Hundreds of devastating house fires are caused by power outages in Australia every year, according to the Fire and Emergency Services. It goes without saying that a new type of electrical protection aimed at preventing certain types of electrical fires is gaining in popularity.
It didn’t seem like long ago that the only defense in home electrical safety was the humble fusible wire.
In fact, many fuse boxes or distribution boards installed in older homes in Western Australia still use rudimentary ceramic style fuses, which are there to protect the wiring from overloading an electrical circuit. Fortunately, in the 1980s, this unique wonder gave way to better technology in the form of Miniature Circuit Breakers (MCBs) that can quickly restore power after they’ve done their job, just by pushing a button or switch to reset.
Electrical safety was further enhanced in the 1990s with the Safety Switch or Residual Current Device (RCD).
A GFCI protects life and property by detecting ground leakage, an often dangerous situation where a potentially exposed piece of metal equipment can become energized or shorted. The power is shut off in milliseconds and minimizes the risk of fatal electric shock.
As a result, recent changes to Australian AS / NZS 3000: 2018 standards have made it mandatory for all final sub-electrical circuits in new residential properties or renovations to be protected by an RCD, which now includes additional devices such as lighting, hot water. electric vehicle systems and chargers. Most new homes today typically install combination MCB and RCD units, called RCBOs, to reduce space usage and cost inside the electrical panel.
Another smart technological advancement, an Arc Fault Detection Device (AFDD) searches for small arcs in your home’s wiring and cuts off power when it suspects dangerous levels are occurring. These arcs are usually not visible to the naked eye, as they occur inside an electrical cable itself – an outlet or junction box where knuckles can occur.
Clipsal by Schneider Electric’s director of standards Gary Busbridge said a common example was the flexible extension cord you ran through the sliding door for a while, or that old multi-power outlet board with the folded plug which is a bit questionable.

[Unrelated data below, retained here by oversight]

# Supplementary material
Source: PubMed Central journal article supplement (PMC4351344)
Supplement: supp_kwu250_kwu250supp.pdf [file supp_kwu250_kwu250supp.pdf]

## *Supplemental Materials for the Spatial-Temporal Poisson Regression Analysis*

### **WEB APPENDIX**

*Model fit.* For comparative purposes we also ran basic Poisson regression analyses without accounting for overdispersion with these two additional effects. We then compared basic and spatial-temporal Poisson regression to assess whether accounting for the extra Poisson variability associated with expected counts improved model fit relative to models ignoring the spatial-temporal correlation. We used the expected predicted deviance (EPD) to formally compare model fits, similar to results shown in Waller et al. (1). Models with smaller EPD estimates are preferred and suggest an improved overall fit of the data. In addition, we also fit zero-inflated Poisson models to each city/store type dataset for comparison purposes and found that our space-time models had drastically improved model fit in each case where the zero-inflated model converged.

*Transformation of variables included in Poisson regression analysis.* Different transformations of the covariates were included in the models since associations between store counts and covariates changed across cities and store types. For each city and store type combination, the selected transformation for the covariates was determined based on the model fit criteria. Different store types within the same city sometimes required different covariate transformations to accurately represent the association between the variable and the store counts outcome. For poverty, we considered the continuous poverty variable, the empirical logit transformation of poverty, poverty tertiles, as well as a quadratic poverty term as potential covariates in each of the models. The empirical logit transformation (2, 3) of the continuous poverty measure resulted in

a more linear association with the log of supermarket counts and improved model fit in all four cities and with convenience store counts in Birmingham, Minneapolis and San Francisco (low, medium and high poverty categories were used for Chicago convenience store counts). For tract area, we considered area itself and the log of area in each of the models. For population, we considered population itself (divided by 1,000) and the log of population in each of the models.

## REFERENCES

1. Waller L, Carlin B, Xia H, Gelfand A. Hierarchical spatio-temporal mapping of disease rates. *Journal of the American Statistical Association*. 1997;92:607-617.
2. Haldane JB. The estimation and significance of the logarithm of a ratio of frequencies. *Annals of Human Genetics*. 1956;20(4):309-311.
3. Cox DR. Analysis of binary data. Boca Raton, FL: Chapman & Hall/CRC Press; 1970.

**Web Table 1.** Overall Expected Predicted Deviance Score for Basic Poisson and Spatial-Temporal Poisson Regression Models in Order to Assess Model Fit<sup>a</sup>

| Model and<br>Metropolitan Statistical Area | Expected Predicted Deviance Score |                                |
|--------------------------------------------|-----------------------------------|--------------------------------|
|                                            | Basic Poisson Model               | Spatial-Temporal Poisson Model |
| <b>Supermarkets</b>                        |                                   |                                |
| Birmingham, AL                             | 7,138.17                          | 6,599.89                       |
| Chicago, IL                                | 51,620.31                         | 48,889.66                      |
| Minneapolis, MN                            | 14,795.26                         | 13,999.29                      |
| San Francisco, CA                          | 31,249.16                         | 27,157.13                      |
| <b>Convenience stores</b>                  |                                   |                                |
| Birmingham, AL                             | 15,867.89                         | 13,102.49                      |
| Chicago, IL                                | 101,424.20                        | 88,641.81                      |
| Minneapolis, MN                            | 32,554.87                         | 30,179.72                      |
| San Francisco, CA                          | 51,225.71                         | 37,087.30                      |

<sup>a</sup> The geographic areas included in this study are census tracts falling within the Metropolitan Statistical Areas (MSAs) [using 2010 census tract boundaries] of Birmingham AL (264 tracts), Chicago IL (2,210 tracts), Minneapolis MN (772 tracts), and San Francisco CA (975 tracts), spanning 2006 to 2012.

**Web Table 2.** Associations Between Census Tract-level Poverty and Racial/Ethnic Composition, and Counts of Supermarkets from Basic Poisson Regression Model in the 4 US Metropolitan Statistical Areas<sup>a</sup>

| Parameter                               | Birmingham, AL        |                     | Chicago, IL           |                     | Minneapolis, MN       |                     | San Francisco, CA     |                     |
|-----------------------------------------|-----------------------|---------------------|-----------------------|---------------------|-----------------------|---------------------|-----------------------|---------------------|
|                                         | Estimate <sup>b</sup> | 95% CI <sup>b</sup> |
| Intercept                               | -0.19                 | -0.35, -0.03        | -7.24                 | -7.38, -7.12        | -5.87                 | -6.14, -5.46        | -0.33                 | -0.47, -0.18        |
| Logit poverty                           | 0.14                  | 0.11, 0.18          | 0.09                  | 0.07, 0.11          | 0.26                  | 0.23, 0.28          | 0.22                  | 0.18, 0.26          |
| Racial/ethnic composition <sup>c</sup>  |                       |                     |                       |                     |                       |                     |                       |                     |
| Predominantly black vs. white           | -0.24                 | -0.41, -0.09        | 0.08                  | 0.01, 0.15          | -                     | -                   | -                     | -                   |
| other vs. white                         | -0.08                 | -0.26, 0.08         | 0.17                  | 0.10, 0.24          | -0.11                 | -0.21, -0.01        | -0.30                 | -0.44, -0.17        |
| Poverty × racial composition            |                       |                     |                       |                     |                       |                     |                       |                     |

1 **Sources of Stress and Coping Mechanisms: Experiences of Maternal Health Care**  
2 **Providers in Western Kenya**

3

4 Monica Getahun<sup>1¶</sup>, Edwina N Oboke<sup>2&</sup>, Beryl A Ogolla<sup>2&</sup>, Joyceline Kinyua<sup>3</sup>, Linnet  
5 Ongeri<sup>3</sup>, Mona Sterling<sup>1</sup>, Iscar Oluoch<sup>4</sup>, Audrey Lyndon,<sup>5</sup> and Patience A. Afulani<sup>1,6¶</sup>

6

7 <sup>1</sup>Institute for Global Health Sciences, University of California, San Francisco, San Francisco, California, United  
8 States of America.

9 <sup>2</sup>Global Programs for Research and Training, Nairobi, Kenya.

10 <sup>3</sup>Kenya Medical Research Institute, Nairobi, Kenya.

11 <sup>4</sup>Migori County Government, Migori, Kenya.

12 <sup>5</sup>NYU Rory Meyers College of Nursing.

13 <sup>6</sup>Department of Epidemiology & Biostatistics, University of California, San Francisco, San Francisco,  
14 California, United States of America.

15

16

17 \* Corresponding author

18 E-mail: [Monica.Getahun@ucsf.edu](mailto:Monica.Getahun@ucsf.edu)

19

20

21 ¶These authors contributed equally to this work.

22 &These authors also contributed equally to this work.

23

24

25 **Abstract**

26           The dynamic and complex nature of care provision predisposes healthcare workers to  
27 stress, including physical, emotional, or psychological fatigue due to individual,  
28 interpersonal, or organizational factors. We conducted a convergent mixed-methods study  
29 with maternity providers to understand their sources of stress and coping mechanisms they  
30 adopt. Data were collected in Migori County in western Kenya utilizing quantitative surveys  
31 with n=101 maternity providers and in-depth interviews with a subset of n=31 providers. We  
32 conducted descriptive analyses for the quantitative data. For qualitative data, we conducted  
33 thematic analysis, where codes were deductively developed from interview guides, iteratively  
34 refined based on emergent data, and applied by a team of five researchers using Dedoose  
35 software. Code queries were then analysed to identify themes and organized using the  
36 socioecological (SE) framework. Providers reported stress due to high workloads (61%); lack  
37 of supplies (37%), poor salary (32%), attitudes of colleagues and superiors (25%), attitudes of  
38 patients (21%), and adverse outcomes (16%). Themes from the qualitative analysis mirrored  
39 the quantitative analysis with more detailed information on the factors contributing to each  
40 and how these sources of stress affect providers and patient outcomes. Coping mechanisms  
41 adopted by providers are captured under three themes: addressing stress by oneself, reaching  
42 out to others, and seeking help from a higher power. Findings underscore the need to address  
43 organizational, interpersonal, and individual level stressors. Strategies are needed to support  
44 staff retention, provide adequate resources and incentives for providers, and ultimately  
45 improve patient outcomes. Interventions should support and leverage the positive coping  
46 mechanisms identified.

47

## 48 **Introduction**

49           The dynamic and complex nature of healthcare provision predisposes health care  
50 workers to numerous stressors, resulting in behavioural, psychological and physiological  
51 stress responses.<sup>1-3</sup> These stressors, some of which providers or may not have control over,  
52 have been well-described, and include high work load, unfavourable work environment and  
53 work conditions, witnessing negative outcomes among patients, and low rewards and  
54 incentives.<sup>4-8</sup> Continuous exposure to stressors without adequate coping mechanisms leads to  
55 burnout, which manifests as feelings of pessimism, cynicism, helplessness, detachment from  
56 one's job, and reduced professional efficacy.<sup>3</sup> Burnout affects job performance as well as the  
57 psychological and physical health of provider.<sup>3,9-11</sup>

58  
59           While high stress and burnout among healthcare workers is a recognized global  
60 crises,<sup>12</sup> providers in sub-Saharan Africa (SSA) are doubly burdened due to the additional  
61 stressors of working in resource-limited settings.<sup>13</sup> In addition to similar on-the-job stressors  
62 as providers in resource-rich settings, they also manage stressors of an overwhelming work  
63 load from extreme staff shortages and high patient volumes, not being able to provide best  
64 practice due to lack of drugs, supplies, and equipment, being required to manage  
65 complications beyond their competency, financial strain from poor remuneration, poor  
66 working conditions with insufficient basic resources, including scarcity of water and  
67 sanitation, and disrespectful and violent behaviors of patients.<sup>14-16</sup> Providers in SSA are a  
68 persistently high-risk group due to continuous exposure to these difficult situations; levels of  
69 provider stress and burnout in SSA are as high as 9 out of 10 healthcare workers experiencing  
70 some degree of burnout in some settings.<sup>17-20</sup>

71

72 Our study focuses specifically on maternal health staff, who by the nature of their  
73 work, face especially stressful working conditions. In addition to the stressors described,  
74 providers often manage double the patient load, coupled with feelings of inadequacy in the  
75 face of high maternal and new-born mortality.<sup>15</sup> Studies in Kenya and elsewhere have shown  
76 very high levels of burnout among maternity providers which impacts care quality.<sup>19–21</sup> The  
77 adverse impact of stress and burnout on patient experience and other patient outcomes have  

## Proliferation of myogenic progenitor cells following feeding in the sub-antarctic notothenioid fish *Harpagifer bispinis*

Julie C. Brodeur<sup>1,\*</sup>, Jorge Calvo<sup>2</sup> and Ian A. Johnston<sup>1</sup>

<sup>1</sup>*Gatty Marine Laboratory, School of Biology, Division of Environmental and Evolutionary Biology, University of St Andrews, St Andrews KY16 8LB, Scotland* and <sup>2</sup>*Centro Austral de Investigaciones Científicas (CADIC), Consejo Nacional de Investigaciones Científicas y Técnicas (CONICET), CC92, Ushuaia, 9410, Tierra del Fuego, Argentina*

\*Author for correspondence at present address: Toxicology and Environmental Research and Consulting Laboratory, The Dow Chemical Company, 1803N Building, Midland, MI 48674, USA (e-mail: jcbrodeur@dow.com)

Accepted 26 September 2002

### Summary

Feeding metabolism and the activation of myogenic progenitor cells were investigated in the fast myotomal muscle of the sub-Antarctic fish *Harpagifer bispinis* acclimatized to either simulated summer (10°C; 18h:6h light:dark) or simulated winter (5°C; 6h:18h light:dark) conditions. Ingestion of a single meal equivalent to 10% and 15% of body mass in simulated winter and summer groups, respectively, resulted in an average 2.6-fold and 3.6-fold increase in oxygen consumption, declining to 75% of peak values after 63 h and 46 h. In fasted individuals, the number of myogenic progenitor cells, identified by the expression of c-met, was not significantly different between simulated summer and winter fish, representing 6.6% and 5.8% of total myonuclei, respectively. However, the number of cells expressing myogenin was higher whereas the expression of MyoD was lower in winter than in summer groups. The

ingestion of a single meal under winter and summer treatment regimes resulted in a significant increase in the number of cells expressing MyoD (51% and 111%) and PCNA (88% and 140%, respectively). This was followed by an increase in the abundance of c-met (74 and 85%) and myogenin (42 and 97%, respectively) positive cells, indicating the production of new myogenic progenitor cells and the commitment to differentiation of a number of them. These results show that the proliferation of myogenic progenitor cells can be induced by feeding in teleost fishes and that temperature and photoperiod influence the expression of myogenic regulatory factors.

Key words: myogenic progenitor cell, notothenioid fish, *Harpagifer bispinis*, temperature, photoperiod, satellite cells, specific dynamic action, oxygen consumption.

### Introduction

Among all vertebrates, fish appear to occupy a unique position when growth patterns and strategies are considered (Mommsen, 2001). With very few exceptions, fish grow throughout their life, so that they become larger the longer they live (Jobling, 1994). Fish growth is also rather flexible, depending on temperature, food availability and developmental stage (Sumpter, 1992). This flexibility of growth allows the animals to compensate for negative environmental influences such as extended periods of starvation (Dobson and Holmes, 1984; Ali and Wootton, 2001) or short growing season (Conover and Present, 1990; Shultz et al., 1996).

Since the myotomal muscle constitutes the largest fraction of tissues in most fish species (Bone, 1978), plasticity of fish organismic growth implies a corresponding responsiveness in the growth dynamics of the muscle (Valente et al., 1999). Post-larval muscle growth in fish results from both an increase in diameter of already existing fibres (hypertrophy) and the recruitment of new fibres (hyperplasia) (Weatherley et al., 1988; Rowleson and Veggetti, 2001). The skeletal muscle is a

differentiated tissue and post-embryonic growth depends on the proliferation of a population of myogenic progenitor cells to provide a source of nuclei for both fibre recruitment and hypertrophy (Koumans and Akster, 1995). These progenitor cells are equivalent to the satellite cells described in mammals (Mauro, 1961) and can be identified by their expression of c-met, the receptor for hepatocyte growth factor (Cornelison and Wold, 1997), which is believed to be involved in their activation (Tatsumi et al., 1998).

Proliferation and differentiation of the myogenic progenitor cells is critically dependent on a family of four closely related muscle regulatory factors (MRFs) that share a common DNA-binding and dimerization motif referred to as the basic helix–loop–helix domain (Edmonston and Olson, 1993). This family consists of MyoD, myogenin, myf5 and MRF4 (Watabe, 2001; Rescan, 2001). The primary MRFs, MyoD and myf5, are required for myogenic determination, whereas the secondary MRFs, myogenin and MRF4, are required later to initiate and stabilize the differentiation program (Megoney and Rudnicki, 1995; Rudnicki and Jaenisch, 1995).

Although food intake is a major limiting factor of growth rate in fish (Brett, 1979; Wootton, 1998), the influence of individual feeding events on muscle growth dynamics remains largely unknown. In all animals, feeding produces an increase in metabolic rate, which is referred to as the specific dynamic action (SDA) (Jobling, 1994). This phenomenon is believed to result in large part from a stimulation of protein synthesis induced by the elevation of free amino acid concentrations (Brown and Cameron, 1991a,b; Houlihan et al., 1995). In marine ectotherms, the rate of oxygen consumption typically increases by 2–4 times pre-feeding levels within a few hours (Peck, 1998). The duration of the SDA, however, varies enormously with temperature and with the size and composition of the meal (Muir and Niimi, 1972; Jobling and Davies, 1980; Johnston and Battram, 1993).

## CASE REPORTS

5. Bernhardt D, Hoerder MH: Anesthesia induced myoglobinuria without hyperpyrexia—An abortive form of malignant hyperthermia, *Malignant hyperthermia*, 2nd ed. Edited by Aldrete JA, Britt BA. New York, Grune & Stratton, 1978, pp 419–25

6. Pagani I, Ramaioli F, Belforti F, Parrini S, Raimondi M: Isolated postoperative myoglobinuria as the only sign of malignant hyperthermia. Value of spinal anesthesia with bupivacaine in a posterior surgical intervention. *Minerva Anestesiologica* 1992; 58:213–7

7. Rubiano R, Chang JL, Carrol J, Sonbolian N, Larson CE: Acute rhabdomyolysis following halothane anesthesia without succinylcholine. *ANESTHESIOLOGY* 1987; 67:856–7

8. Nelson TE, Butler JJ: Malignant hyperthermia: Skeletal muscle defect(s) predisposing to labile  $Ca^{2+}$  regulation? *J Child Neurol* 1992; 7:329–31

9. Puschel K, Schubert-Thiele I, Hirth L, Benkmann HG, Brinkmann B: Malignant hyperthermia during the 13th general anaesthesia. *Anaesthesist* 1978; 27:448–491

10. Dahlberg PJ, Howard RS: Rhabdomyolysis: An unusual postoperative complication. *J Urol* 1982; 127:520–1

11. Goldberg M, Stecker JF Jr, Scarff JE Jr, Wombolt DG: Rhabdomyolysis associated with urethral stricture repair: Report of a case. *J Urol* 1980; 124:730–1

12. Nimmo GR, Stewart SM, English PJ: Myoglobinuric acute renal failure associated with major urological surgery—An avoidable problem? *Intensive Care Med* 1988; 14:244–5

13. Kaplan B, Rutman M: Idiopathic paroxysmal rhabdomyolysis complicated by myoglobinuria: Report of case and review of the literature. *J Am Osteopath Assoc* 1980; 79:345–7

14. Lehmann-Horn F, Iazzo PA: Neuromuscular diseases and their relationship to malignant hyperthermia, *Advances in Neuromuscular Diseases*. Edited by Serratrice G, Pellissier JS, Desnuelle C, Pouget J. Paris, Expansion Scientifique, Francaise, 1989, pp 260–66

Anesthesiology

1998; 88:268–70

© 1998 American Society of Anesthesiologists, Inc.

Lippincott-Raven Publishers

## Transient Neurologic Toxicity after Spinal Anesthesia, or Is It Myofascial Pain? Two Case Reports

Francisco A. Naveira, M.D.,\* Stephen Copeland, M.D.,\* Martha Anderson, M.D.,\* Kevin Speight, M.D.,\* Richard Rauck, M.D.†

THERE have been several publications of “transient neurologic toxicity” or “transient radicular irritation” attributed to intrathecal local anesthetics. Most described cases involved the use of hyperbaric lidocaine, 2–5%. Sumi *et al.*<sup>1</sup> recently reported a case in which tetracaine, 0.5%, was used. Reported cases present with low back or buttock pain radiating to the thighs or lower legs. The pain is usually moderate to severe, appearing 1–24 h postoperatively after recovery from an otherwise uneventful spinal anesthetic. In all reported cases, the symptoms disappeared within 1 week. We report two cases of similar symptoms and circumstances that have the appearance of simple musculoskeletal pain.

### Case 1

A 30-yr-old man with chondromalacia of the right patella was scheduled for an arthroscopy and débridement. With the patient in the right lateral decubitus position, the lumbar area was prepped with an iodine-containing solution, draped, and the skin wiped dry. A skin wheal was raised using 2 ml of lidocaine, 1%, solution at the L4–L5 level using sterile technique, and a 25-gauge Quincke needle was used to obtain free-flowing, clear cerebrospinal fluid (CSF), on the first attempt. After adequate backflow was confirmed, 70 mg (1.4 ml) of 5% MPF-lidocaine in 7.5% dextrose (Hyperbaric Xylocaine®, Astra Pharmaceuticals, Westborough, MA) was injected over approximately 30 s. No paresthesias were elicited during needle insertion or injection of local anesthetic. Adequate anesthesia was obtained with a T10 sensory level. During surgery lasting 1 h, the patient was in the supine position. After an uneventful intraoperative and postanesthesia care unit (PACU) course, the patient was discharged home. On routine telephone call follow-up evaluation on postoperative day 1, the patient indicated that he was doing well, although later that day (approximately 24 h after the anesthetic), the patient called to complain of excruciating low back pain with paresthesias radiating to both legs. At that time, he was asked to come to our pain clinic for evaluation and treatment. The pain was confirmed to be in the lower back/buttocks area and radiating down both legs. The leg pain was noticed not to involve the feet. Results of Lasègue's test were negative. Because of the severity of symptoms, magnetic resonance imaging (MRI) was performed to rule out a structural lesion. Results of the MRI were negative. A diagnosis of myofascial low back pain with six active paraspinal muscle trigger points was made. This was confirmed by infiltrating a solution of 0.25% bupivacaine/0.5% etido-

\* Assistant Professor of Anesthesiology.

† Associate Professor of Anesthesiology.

“An arc can occur both inside a damaged cable between two electrical conductors when the copper wiring fails, or where the cable could improperly join a plug or connector,” he said. -he declares. “Other factors could be rodent activity, poor build quality, aging cables or loose connections. Over time, the arc can cause charring which could lead to an electrical fire. “
Mr Busbridge, who also chairs the Australian Standards Wiring Rules Committee – the body responsible for creating and reviewing decisions about electrical safety regulation – said sadly it was possible that lives were lost. lost due to fires caused by arc faults.
“While AFDD is a great new recommendation in the defense of electrical and fire safety, I hope to see them also become mandatory for certain types of buildings during a future revision of the standards,” he said. .
To make the adoption of this new, life-saving technology simpler and more convenient, Clipsal – manufacturer of electrical safety products in Australia since 1920 – recently released a single MCB, RCD and AFDD combined into one unit. The device, which must be installed by a licensed electrician, is also compact in size, which means it will fit into many existing electrical panels and provide optimum safety improvement in new homes.
CONTACT Clipsal by Schneider Electric, 137328, www.clipsal.com